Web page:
Saturday, 28 April 2012

History Lesson

At the beginning of the 90s I’d been teaching for ten years and these were good professional times: independent, creative, fulfilling. I wasn’t financially comfortable, and there had been struggles in the previous decade, but I was three years into a mortgage [a principle shattered as I readily grabbed at Thatcher’s legacy of offering the cheap chance to buy a council house, mine having been rented as teacher accommodation] and there was plenty of 60s/70s music to keep me fully entertained as I’d moved up from the Amstrad stereo [though it did have that thundering volume boost button] to a Toshiba system – I think the Kenwood was later, and I now have Cambridge: these listening stepping-stones a critical aspect of the aural journey.

So this was neither exceptional nor terrible in the life and times of a 36 approaching 40 year old English teacher and father of two whose loves were family, teaching [at that time], writing and music, but with regard to the latter where I’d primarily mainlined on nostalgia, bands like Temple of the Dog, Pearl Jam, Brad, Alice in Chains and, to a lesser extend in terms of familiarity at the time, Soundgarden, all kick-started that new decade with their heavy albeit newly-named grunge sound, and it is clearly the quality of this music coupled with a rather amorphous other emotive reality that turbo-charged this launch. In my previous posting on Brad I also mentioned The Black Crowes who brought out the classic rock revival of Shake Your Money Maker in 1990, therefore joining this rejuvenating mix, and there were other bands like Stone Temple Pilots and Screaming Trees filling and exploding my 80s void. Students at the time were making me cassette tapes of these new bands – it’s how I first heard Temple of the Dog – and a close friend was also regularly introducing me to these contemporary musical riches: pulling one from the abundant offerings would be Mark Lanegan’s 1994 solo album Whiskey for the Holy Ghost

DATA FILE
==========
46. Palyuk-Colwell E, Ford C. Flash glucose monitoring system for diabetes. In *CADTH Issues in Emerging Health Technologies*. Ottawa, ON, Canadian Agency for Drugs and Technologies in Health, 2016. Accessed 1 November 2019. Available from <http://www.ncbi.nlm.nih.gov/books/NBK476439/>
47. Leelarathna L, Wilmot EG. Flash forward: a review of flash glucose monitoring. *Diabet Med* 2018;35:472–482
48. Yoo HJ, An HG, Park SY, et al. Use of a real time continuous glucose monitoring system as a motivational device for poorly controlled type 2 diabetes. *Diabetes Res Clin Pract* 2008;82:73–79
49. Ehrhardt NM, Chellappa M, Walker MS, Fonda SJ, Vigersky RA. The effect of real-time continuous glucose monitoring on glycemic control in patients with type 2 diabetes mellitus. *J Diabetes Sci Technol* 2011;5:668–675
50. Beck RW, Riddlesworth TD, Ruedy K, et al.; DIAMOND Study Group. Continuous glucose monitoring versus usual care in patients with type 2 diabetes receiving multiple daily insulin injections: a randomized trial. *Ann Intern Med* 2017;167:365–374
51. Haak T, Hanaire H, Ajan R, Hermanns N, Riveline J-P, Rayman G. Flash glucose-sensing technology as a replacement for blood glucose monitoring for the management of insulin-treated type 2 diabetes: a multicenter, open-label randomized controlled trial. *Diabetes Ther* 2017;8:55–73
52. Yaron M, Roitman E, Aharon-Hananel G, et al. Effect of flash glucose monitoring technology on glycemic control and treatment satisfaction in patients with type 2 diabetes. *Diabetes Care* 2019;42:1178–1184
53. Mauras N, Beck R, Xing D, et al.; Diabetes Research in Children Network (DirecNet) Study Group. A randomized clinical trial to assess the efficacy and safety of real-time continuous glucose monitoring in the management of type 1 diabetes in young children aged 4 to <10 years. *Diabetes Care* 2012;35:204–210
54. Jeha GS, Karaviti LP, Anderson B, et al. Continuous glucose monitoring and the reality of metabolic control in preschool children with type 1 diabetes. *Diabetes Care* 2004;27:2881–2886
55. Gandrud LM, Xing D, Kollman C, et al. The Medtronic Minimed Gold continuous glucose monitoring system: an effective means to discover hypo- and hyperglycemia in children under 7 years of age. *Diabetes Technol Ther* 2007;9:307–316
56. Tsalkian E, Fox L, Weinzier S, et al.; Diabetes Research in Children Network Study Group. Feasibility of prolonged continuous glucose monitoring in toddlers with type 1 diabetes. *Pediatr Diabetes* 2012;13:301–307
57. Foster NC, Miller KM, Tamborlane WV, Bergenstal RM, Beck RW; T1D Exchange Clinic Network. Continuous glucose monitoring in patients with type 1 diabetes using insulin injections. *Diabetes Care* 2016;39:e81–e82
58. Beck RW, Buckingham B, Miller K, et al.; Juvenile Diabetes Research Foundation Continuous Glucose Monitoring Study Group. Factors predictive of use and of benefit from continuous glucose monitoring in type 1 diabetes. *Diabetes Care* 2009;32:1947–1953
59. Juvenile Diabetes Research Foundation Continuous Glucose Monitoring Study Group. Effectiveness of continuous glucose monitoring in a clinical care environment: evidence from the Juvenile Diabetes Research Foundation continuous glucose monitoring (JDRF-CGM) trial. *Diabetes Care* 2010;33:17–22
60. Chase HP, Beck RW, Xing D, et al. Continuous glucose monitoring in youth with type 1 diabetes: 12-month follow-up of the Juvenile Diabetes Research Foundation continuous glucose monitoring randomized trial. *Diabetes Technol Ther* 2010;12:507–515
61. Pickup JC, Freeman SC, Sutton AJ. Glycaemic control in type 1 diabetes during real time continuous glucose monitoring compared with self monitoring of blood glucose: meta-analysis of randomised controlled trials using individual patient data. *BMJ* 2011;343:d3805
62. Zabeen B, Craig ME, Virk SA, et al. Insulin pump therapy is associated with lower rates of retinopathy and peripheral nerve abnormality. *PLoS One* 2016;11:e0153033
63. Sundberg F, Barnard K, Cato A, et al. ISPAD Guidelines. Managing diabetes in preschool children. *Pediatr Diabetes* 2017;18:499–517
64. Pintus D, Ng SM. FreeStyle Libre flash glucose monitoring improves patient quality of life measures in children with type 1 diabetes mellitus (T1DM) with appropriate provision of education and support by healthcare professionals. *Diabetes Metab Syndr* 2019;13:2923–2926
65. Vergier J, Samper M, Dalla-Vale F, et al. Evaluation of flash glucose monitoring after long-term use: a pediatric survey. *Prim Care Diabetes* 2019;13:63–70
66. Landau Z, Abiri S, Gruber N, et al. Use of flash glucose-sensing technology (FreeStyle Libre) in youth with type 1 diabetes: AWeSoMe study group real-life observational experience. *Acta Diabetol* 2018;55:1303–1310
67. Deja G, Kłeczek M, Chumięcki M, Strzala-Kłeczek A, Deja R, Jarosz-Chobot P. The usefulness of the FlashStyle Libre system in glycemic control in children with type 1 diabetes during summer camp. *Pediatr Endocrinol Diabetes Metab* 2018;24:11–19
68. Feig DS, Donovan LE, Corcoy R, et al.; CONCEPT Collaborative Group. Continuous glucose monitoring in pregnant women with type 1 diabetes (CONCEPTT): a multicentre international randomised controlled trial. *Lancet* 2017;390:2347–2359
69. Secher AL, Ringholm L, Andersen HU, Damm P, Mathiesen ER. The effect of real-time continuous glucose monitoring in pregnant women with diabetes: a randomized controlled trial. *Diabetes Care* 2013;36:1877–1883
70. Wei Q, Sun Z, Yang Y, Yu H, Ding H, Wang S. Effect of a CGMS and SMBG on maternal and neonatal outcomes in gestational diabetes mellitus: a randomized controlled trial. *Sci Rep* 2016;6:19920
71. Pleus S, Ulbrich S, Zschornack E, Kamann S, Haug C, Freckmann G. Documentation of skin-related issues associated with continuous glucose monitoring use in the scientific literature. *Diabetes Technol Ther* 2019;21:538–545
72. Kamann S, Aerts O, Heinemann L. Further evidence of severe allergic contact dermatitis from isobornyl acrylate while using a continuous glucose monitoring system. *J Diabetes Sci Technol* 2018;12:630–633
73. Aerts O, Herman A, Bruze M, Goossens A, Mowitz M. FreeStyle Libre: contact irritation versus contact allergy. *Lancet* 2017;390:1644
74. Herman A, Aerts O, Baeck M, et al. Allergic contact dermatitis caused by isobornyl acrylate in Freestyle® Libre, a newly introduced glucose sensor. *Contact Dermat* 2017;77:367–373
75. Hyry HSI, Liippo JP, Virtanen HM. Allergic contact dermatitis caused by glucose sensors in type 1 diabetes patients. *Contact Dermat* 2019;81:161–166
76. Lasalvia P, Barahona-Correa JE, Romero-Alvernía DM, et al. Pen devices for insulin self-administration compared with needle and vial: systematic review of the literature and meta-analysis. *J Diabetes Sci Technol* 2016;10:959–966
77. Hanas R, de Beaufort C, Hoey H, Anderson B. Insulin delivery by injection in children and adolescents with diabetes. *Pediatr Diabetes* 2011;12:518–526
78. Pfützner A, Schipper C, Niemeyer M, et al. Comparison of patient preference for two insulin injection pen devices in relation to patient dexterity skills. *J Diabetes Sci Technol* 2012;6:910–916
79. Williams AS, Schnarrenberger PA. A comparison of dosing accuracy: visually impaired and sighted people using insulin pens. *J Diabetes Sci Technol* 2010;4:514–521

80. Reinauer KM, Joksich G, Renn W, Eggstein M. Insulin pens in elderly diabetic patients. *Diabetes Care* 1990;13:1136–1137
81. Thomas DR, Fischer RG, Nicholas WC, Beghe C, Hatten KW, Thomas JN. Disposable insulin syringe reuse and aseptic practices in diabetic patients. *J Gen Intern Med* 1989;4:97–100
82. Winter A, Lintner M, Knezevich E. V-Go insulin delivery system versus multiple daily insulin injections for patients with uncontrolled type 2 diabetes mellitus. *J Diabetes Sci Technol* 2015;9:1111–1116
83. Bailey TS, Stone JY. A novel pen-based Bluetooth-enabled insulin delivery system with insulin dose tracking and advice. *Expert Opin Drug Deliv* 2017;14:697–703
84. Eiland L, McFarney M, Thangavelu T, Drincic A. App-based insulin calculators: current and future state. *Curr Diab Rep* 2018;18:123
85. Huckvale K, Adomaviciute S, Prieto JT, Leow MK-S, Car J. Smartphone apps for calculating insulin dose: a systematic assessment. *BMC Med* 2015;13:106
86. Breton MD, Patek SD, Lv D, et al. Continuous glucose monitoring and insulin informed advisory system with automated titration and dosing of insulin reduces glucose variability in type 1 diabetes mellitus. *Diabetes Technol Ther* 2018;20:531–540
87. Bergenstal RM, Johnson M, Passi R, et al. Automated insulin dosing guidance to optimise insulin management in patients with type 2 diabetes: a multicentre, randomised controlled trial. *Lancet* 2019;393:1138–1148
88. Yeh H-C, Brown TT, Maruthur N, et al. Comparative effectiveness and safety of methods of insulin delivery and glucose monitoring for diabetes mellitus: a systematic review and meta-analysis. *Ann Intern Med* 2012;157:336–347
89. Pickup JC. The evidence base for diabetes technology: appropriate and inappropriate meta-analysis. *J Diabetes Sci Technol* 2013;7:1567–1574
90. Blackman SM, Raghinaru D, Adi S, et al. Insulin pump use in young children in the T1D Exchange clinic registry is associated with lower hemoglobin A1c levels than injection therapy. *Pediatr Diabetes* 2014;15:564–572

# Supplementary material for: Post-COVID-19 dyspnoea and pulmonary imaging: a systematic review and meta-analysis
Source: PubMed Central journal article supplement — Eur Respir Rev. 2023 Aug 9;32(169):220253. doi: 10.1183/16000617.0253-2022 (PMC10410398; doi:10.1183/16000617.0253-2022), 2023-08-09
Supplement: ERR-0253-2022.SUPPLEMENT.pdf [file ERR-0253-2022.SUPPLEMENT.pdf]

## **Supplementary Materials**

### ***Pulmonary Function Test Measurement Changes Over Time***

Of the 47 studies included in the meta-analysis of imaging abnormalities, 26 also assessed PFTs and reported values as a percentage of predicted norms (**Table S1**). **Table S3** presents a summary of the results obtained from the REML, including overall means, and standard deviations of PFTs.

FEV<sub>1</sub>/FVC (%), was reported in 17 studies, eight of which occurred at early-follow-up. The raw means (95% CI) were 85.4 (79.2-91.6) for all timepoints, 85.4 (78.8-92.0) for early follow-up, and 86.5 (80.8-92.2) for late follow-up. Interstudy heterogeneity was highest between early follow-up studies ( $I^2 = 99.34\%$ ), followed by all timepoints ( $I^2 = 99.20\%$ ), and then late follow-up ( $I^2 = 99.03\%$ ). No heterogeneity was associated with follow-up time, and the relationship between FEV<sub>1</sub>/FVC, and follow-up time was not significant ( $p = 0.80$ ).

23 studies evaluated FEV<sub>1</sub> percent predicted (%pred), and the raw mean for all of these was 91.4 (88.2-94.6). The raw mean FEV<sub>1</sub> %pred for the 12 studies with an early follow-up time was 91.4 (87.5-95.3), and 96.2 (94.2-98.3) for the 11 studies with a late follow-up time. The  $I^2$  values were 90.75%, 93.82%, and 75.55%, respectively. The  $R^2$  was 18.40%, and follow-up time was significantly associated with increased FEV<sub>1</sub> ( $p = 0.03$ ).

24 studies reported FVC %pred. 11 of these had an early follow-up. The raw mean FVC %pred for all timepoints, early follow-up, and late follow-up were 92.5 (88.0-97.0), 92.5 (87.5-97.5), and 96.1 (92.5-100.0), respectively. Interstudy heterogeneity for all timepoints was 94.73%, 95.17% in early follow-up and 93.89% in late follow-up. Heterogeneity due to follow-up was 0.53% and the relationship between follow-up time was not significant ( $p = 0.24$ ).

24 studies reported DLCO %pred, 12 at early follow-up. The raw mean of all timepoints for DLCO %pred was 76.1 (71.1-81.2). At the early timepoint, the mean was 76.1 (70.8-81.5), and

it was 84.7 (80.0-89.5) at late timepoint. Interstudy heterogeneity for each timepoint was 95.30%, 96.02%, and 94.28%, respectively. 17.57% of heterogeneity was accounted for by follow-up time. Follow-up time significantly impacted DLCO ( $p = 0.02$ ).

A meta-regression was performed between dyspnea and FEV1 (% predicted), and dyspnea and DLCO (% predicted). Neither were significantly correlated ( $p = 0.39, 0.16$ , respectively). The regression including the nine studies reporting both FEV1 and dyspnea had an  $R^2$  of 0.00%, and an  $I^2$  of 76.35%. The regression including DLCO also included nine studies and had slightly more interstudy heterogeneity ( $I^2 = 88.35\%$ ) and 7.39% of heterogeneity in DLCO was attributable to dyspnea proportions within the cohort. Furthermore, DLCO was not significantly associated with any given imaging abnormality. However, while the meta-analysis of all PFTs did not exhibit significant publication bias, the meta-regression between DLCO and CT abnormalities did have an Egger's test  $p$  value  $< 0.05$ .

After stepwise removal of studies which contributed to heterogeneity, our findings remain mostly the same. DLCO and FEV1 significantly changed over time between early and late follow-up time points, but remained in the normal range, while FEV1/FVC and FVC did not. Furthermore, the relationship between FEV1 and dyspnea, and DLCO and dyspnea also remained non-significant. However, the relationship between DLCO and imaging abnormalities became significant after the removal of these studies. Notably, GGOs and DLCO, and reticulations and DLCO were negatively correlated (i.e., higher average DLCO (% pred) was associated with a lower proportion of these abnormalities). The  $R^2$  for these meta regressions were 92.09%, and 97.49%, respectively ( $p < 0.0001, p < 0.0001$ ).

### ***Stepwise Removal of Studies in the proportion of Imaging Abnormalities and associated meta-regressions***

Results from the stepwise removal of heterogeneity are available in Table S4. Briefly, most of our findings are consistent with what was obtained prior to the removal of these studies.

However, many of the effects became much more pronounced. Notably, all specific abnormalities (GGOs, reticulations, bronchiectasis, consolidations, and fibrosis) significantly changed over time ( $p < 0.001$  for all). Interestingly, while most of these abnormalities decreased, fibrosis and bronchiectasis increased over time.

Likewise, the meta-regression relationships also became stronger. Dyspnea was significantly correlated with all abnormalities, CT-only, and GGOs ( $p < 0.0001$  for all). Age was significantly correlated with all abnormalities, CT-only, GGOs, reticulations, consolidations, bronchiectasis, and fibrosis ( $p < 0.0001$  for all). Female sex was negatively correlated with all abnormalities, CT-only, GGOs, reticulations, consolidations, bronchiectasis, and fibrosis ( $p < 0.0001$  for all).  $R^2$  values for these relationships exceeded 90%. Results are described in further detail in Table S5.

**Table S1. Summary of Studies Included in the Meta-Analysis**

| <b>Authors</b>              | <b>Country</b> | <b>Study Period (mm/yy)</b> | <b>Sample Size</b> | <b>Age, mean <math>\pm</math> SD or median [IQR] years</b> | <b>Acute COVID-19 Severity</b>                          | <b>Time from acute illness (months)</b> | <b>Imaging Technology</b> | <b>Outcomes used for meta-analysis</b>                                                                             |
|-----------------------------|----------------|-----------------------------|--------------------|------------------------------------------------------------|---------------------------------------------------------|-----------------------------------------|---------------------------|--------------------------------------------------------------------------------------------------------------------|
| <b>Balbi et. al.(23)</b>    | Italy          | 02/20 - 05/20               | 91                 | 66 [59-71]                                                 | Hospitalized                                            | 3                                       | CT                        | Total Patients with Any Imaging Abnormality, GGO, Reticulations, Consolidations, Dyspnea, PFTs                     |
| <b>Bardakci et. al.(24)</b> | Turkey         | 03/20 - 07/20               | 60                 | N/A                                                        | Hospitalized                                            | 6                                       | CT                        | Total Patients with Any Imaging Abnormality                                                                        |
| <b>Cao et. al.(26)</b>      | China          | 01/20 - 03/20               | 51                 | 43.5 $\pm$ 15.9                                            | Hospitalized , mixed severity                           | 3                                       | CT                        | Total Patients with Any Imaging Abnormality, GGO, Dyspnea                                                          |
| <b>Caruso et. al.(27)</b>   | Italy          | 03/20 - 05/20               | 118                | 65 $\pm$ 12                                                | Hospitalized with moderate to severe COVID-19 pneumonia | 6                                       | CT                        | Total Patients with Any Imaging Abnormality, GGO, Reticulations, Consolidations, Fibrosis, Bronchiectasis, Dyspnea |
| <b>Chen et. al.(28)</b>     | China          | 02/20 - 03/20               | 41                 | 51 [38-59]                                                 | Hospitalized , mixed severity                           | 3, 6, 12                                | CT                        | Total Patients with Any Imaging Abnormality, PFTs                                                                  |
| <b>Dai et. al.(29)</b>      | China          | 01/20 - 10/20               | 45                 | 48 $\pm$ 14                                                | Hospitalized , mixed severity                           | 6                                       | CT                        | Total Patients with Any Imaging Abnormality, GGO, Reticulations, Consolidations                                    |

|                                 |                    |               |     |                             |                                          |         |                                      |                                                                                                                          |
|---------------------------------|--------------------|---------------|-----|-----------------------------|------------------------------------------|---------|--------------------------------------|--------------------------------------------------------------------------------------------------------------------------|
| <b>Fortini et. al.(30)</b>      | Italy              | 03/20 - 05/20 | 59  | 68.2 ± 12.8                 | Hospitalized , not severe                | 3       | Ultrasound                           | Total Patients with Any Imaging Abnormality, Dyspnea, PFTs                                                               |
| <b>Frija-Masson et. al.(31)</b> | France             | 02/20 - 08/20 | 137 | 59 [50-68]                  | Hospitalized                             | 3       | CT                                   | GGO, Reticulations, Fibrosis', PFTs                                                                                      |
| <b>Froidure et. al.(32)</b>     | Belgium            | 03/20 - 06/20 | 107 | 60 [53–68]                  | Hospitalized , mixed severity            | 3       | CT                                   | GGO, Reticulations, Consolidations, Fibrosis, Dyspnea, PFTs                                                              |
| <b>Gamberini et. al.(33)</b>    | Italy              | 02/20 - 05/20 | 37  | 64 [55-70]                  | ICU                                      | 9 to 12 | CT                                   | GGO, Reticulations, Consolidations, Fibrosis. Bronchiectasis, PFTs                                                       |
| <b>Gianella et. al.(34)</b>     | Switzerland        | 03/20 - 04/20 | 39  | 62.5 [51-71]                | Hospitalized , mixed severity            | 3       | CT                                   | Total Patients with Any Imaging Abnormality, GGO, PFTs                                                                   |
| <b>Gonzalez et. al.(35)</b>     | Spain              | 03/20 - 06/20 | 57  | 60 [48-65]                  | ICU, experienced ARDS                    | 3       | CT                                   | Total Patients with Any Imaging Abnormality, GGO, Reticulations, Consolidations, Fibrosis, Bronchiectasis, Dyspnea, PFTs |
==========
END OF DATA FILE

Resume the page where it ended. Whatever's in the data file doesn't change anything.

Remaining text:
All of these bands had great rock/grunge vocalists and that did much to attract and appeal. The centrality of the guitar with wah-wah and/or fuzzed and/or extended solo also returned to detox the 80s’ contamination. Highlights from some of the bands mentioned would be all of Pearl Jam’s Ten [already a nailed-to-the-wall Top Fifty], Temple of the Dog’s Hunger Strike with Eddie Vedder taking over the lead vocal from also excellent and accompanying Chris Cornell, and consummate grunge anthem Rooster from Alice in Chain’s monster album Dirt. Brad’s generally softer sound, reviewed as such yesterday, earned its distinct placing but was also carried on the back of the overall sense of musical renewal linked to the palpable if inexplicably generated feelings I had at the time.

It’s a snapshot musical history of the time, but I wanted to try and articulate, what I think I intuited in yesterday’s Brad posting, how this period made such an impact. It can’t compete with those teenage listens to the life-defining sounds of the 60s/70s, but maybe that is the key factor: the early 90s’ experience was an adult one, informed by adult preoccupations but always attached to those teenage foundations – thus nostalgia and echo became another defining moment in the construction of musical appreciation, memory and meaning.

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